Ever had a dilemma, tough decision, or hard choice to make, and somebody advised you to “sleep on it”? As it turns out, there’s actual science behind this! A full night’s rest is critical for our brain to operate at its total capacity, including concentration, memory, and emotional regulation. On the other hand, lack of sleep can lead to something called brain fog or mental fog, a cloudy-headed feeling, confusion, forgetfulness, or lapses of attention. It’s a sign you’ve been ignoring your mental health!
Just consider how a single night of bad night’s sleep makes you feel the following day. It can range from feeling grumpy and cranky to lacking energy and focus. You may overreact if something doesn’t go your way or find you’re less excited if something good happens. Now, think about how ongoing sleeplessness can make you feel. Besides poor cognitive functioning and performance, insufficient sleep may cause low mood, irritability, anger, frustration, anxiety, and depression. It can even lead to the development of some mood disorders.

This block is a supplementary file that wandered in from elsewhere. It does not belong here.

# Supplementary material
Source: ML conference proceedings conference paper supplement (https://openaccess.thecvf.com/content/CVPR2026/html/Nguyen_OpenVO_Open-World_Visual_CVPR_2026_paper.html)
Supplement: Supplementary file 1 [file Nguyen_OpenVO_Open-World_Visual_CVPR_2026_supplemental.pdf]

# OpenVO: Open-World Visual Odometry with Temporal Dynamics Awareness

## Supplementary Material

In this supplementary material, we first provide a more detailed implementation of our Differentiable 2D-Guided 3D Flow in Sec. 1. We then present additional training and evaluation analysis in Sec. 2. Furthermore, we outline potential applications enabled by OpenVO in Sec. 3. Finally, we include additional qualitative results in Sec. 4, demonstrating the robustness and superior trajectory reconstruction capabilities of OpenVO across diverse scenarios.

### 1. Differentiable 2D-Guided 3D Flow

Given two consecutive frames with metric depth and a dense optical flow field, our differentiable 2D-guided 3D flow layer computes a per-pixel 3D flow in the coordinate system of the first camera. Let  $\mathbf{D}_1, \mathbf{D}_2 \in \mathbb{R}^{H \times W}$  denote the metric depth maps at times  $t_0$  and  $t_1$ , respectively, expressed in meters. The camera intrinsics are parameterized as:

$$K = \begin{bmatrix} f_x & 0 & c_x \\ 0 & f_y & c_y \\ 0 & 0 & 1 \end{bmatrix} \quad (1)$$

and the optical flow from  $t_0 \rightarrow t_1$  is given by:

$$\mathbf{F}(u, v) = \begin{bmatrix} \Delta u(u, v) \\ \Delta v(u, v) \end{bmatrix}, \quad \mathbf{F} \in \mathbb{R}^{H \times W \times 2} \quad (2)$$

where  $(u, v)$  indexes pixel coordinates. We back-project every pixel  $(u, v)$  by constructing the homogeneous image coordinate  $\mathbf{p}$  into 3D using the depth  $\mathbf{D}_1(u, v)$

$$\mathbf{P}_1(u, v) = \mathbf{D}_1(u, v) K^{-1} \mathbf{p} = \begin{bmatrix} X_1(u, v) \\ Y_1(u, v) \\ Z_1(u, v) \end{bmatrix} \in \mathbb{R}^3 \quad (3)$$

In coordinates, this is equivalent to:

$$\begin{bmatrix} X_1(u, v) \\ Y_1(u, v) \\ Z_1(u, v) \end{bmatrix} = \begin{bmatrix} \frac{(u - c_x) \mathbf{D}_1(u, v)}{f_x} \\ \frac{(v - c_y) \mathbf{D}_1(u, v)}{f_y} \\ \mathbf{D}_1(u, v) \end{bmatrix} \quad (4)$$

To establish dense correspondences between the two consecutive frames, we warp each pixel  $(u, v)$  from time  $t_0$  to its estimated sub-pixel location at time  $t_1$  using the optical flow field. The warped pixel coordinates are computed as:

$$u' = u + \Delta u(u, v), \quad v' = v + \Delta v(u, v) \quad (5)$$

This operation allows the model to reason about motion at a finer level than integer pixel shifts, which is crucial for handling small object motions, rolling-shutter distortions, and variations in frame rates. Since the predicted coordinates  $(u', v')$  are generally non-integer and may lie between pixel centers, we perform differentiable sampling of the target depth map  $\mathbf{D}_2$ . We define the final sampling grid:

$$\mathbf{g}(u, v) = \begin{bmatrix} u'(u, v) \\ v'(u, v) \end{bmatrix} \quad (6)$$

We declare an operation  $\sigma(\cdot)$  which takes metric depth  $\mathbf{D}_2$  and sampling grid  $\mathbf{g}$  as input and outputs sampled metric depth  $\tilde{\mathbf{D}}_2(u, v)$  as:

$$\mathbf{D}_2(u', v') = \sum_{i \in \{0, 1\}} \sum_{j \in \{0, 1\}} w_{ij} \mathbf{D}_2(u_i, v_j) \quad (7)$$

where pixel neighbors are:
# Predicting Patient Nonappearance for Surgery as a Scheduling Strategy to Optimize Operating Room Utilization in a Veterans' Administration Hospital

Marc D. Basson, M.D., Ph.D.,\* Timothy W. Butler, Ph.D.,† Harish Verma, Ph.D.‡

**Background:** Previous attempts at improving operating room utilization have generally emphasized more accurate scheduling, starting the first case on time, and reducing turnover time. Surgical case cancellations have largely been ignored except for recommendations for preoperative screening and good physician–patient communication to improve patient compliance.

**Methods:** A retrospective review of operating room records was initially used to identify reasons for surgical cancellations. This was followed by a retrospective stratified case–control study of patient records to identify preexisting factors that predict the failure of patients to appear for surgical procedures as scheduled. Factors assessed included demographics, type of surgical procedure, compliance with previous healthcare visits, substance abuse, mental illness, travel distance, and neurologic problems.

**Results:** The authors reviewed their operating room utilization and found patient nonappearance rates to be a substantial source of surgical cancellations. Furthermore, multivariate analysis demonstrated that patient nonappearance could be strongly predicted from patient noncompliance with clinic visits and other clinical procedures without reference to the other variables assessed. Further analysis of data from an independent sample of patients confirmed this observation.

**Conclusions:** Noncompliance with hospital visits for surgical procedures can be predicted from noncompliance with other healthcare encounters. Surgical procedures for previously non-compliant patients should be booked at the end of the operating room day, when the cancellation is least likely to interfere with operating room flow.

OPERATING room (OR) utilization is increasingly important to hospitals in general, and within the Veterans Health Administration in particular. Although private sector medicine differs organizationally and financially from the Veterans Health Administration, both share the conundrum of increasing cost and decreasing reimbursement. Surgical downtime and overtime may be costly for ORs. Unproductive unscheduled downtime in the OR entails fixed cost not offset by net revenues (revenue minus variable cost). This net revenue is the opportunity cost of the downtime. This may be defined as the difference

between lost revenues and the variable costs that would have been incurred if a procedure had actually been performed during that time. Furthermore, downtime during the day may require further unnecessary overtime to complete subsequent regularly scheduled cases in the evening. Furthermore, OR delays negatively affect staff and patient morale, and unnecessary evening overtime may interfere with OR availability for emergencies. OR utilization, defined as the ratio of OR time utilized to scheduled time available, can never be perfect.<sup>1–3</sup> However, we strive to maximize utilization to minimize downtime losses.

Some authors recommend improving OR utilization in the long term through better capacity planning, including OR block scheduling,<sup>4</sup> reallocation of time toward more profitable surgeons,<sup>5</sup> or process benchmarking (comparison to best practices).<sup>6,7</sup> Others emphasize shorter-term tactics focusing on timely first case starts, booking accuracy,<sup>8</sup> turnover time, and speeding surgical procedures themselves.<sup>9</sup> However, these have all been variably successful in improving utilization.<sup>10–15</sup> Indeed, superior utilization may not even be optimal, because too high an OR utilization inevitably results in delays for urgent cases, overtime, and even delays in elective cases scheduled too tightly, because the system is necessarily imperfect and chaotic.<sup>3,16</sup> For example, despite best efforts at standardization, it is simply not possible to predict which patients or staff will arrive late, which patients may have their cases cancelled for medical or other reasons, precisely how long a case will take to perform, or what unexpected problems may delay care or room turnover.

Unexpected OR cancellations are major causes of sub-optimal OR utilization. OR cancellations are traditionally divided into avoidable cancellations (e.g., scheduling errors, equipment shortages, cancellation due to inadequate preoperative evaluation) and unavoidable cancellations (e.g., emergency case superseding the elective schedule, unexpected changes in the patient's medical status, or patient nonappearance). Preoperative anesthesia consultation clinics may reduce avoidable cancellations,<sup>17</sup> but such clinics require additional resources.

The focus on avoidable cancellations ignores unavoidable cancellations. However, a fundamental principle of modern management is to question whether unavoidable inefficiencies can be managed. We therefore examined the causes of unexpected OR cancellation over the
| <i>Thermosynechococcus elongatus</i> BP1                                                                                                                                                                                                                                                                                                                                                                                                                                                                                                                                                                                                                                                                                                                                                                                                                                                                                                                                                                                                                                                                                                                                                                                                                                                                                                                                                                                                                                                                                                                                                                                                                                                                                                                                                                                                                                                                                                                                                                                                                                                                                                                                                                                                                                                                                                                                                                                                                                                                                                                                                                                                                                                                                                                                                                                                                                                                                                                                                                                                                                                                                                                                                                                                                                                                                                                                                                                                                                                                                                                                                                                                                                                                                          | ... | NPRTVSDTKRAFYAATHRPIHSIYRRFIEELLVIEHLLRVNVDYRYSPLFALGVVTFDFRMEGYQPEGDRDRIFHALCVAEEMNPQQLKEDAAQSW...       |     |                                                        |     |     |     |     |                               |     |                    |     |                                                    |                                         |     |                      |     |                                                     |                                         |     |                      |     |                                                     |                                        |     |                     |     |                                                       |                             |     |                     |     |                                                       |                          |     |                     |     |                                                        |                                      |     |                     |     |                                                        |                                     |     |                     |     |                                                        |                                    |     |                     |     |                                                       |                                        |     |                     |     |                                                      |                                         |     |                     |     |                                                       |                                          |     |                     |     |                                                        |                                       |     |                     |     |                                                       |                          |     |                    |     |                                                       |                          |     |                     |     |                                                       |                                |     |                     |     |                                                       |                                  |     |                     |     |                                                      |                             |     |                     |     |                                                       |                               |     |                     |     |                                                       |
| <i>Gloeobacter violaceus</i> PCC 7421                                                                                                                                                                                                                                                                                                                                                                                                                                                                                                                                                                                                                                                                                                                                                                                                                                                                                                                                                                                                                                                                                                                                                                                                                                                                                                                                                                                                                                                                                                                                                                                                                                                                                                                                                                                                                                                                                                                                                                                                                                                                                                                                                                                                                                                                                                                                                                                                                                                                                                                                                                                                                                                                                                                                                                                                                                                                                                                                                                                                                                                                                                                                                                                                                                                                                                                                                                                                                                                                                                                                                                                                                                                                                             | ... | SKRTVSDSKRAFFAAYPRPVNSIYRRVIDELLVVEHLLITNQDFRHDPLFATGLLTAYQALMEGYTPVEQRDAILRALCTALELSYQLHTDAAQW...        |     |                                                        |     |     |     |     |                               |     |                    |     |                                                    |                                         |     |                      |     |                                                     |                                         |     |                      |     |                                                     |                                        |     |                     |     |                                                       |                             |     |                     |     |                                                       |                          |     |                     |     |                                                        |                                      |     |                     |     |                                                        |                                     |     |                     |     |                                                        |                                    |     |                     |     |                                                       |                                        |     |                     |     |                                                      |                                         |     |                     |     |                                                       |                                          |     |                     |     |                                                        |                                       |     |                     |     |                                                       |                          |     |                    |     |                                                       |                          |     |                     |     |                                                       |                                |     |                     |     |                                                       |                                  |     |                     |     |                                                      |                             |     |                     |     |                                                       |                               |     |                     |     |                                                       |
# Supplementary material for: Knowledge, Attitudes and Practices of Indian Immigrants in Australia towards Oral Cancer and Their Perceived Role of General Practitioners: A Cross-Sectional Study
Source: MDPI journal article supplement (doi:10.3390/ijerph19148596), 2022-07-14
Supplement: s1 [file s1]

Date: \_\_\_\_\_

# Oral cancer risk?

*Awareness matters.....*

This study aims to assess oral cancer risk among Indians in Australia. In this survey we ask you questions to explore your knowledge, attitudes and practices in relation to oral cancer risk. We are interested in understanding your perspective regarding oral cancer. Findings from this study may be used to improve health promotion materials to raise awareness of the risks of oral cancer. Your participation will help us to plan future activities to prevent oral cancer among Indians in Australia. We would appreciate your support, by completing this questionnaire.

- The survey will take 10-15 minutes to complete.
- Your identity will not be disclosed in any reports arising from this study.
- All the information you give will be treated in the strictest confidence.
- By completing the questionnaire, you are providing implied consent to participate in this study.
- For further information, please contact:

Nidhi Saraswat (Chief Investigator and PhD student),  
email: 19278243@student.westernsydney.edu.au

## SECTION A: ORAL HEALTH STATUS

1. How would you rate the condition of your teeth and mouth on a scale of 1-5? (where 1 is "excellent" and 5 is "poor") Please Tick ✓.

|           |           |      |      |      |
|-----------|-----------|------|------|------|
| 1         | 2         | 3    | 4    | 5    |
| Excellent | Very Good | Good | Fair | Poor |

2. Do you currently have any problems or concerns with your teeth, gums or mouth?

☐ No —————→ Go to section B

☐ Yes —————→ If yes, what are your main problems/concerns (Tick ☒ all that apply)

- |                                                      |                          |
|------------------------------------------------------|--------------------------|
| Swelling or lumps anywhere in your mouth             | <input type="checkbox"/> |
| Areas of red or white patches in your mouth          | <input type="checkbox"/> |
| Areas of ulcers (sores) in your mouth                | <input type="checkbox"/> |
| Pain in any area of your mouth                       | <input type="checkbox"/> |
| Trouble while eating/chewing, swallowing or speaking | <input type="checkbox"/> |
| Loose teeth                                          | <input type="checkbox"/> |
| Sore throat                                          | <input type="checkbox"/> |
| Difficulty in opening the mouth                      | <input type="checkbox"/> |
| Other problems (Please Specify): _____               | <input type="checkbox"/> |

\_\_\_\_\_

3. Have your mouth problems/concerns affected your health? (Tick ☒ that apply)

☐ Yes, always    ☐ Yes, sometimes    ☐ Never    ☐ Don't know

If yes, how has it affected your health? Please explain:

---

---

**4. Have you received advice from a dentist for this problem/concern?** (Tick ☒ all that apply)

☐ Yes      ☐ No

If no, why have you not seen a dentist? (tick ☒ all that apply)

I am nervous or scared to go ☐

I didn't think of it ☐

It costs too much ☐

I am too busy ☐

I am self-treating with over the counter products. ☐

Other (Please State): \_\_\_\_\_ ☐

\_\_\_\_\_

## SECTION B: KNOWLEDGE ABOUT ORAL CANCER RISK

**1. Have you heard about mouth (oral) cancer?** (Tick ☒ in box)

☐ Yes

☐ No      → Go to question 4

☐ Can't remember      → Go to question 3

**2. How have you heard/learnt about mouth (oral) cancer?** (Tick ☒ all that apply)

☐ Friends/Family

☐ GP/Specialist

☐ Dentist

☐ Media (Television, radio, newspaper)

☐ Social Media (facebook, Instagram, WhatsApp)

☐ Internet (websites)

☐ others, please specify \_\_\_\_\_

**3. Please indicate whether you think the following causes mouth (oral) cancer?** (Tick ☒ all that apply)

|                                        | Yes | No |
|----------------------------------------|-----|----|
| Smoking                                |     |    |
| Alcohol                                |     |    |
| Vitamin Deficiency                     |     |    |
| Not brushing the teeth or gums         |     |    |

In addition to moodiness, unusual behavior, such as impulsivity, emotional outbursts, erratic behavior, hyperactivity, and problems interacting with other people, is a common sign of sleep deprivation. As much as you’d probably like to keep your cool, fatigue can result in lower self- control and having a short fuse. So, if you are experiencing frequent and chronic fatigue, that might be indicative of a bigger problem.
Poor sleep quality can affect your mental well-being by diminishing your ability to manage even relatively minor stress. Everyday hassles and minor annoyances can quickly develop into significant sources of frustration. We notice that you’re feeling frazzled by day-to-day, ordinary occurrences, and even thinking about how poor your sleep quality has been lately may begin to stress you out and keep you up at night.